No offense to the good people of Oklahoma City, but the SuperSonics, like the Space Needle and the Pike Place Market, are Seattle institutions.
All should stay right where they are on the Puget Sound.
Oklahoma City businessman Clay Bennett and his group of investors purchased the Sonics for $350 million in 2006, saying at the time that their intentions were to keep the 40-year-old franchise in Washington state. It's been clear since then, however, that the idea behind the purchase all along was to move the Sonics to Oklahoma, which now appears to be an inevitability.
Aubrey McClendon, one of Bennett's investors in the team, in fact, was fined $250,000 by the NBA after admitting in an interview that the franchise was purchased to be moved and with Oklahoma City as the preferred destination.
And now it appears that it's all but a done deal.
"The odds are increasing that (the Sonics) will go to Oklahoma City," said NBA commissioner David Stern during his visit to EnergySolutions Arena on Wednesday night. "But even if I were a betting man, I wouldn't bet on the exact time."
Bennett wants the Sonics out of Seattle as soon as next season. The team has a lease agreement with KeyArena through 2010 and the city wants the franchise to stick to the deal.
Meanwhile, the folks in Oklahoma City got a taste of NBA basketball for two seasons, serving as the primary home of the Hornets in the immediate aftermath of Hurricane Katrina. They did a nice job supporting that transient franchise, too, better than New Orleans ever has.
Oklahoma voters on Tuesday overwhelmingly approved a ballot measure for $120 million in sales tax revenue to go for improvements to the Ford Center and to build a new, NBA-style practice facility.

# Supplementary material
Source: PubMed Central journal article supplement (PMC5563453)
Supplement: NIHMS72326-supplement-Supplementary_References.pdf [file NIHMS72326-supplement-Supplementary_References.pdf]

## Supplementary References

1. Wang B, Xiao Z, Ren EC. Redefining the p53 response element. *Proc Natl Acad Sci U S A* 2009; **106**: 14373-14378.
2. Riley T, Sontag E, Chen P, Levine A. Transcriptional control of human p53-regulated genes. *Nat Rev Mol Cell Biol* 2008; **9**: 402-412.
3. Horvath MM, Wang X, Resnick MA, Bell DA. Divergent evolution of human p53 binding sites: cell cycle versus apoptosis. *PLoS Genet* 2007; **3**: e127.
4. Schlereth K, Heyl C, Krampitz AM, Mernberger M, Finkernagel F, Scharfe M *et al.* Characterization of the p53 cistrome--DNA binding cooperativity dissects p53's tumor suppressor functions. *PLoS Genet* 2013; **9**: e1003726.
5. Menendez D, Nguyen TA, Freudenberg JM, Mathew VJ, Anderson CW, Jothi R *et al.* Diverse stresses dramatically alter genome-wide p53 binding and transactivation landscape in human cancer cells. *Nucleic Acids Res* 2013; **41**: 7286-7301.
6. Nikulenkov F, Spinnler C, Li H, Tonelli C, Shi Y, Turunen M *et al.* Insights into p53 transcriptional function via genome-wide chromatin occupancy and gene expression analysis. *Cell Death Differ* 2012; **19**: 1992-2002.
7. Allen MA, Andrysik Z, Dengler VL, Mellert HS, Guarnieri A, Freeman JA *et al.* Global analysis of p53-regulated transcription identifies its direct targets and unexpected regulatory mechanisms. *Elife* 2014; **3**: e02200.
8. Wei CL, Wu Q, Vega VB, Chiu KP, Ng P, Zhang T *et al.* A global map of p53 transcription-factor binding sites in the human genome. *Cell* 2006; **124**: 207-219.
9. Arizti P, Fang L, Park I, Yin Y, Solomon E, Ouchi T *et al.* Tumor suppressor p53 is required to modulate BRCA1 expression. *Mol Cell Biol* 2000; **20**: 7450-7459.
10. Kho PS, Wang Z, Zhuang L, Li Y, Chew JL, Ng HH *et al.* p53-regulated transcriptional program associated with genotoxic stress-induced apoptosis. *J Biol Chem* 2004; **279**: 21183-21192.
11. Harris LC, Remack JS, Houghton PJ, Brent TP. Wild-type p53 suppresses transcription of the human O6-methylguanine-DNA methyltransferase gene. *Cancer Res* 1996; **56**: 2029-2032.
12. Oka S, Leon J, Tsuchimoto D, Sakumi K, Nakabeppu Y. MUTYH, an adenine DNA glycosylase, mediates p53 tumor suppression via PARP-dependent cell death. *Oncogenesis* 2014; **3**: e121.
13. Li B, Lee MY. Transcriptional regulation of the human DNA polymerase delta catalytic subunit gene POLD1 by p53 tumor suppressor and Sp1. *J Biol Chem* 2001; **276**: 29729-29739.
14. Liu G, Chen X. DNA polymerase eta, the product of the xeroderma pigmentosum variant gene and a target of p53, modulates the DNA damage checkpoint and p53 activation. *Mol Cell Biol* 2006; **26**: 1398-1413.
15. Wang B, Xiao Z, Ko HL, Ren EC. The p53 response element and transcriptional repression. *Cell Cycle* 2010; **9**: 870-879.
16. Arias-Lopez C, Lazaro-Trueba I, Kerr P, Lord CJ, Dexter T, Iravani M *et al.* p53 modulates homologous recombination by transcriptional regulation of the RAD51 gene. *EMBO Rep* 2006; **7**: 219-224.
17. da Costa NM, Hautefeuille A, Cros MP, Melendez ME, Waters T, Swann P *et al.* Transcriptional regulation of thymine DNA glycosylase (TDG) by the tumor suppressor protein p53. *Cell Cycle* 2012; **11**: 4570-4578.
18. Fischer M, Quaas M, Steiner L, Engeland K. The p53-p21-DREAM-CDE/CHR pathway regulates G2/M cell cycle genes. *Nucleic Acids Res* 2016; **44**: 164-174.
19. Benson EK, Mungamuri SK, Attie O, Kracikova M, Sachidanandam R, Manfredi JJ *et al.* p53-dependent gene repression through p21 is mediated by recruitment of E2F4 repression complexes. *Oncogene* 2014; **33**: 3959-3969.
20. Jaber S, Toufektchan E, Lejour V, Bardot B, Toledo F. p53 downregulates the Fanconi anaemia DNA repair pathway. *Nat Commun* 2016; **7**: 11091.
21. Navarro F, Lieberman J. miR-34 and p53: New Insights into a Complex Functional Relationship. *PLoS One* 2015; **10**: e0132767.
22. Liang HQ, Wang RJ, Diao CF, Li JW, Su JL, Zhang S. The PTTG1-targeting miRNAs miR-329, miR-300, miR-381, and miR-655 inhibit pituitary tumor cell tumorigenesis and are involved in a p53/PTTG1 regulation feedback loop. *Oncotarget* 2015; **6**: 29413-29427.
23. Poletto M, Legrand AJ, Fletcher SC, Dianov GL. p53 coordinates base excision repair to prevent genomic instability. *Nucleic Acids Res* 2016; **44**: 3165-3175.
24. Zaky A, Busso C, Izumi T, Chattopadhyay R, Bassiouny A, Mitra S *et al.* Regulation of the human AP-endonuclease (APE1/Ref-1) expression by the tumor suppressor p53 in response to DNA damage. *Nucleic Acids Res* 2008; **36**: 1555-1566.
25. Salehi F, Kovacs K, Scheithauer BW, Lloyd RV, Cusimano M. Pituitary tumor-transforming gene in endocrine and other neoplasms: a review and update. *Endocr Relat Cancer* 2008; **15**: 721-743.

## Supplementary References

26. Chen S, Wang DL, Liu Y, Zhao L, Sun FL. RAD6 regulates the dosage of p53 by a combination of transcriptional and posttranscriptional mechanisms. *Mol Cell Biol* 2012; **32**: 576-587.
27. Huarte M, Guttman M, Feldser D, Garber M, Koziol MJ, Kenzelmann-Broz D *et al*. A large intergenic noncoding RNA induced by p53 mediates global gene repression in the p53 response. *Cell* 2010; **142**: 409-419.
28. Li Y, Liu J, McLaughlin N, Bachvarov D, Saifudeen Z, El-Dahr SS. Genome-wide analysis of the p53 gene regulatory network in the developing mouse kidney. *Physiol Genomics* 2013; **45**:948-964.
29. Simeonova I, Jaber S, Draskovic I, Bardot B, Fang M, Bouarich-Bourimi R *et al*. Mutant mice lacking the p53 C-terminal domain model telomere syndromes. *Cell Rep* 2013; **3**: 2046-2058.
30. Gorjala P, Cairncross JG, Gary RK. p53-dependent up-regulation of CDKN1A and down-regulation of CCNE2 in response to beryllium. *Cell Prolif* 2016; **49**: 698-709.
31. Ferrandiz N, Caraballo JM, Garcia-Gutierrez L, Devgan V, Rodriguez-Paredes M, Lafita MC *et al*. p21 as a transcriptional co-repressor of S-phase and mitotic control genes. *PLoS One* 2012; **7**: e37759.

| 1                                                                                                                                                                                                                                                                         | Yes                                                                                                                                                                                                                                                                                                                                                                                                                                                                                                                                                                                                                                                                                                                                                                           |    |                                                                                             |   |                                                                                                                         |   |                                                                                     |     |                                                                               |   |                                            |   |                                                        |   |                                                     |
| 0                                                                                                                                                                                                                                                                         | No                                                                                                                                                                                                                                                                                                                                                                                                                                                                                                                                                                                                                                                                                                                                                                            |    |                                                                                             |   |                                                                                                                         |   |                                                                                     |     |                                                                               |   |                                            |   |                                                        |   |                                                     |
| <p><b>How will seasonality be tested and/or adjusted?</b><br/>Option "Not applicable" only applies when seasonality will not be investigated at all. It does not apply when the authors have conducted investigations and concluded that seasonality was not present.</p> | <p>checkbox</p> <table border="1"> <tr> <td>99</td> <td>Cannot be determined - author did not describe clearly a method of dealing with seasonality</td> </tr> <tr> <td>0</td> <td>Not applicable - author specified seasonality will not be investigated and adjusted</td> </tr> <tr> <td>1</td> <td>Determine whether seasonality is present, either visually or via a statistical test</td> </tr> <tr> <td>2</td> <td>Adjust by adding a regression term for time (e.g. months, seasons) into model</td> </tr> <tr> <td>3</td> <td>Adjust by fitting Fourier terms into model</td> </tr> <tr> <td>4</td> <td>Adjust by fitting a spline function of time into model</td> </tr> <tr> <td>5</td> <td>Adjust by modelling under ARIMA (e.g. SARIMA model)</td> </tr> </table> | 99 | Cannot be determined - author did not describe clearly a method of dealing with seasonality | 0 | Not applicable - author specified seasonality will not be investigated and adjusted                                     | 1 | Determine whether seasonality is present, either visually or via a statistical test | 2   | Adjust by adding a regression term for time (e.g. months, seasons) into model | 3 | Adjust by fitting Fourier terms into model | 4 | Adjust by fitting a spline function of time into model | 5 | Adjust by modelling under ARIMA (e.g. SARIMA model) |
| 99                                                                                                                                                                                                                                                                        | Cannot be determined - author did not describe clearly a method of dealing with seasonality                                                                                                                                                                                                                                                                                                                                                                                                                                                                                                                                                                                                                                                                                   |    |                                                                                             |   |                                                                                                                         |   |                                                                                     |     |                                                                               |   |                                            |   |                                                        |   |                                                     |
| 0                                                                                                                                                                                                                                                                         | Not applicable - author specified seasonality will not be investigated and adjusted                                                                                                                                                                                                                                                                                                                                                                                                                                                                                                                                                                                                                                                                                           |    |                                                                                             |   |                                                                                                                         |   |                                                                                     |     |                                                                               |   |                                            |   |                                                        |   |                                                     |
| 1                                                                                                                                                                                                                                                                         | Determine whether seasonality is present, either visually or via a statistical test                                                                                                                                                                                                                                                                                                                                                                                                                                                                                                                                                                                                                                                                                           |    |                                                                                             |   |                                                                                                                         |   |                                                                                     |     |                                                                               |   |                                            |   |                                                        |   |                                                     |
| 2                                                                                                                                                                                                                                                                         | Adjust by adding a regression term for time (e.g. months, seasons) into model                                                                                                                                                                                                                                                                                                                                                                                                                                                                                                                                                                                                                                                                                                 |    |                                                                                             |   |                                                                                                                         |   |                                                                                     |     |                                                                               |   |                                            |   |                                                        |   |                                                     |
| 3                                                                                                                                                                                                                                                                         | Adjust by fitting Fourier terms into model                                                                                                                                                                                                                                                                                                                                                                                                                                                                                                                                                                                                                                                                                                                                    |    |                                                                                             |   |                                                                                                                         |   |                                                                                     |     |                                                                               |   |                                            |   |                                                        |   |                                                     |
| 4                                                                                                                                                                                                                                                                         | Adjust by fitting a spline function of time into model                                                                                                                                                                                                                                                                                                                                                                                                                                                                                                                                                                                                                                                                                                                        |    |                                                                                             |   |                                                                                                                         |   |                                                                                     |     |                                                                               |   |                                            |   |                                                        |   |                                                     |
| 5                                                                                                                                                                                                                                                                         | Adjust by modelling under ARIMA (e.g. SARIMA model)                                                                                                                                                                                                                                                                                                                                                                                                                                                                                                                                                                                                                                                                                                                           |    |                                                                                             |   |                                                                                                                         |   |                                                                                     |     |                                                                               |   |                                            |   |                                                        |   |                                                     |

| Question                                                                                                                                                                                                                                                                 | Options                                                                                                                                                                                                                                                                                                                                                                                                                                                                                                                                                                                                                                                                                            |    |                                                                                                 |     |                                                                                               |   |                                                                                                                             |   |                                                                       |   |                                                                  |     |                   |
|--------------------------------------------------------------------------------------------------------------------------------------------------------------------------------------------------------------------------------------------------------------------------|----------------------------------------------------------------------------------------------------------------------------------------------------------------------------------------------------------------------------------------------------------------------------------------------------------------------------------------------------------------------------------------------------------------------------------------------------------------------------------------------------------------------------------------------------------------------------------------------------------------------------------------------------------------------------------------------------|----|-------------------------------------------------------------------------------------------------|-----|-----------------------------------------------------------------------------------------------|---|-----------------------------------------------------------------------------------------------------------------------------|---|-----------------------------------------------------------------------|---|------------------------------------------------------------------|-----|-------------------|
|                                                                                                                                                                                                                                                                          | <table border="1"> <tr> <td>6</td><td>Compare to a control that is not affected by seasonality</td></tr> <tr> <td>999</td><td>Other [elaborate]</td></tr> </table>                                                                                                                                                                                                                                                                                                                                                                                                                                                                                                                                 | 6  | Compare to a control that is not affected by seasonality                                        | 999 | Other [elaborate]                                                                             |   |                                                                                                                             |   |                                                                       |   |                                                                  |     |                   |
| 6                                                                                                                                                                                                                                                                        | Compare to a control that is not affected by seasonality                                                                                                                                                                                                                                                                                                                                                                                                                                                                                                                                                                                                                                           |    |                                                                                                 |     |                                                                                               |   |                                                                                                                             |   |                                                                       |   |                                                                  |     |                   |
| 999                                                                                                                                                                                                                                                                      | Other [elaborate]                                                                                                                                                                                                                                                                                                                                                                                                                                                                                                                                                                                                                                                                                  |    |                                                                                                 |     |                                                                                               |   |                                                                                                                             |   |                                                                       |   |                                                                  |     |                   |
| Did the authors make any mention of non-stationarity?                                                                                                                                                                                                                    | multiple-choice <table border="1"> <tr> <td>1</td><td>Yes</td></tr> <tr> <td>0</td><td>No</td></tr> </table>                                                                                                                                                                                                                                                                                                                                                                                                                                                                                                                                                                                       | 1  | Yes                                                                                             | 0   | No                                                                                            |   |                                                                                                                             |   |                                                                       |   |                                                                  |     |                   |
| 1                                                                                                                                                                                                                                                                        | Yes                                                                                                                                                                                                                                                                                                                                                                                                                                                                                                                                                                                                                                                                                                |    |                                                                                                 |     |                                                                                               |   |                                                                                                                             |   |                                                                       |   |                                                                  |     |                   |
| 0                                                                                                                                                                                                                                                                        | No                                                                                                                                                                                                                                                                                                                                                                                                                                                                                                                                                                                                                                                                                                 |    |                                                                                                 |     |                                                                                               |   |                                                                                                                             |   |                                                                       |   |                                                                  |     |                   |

"It is a strong sign of support for the NBA and we're gratified by it," said Stern of the Oklahoma vote.
So, barring any last-minute miracles for Seattle, it looks like Oklahoma City will soon be the home of a young, up-and-coming club featuring Kevin Durant and Jeff Green.
And it's a shame. Seattle is more than just a Starbucks on every corner, daily rain showers and the birthplace of grunge rock. It's a vibrant, big, culturally diverse city with a rich NBA basketball history. Unlike the Mariners and the Seahawks, their successful baseball and football brethren, the Sonics actually have a league championship to their credit, having won the 1979 NBA crown.
From "Downtown" Freddie Brown and Jack Sikma to Gary Payton and Shawn Kemp, the Sonics have been good for the NBA. Durant and Co. should continue where those Seattle stars of the past have left off.
Besides, how can there be a Northwest Divison in the NBA without Seattle?
A few Seattle-area big wigs, including Microsoft CEO Steve Ballmer and wireless magnate John Stanton, are looking to save the NBA in Seattle. They want to buy the team from Bennett and cover half the $300 million cost of upgrading and expanding KeyArena.
But it looks like it will be too little, too late. Bennett wants his team in Oklahoma City and even Bill Gates' right-hand man isn't likely to stop him.
The most likely scenario for the NBA in Seattle, it appears, is for the current team to leave for Oklahoma City and for an expansion franchise to be awarded to the city in a few years.By then it may be too late, however. The good people of Seattle will have been turned off to the NBA by the current situation and may never return. And who could blame them.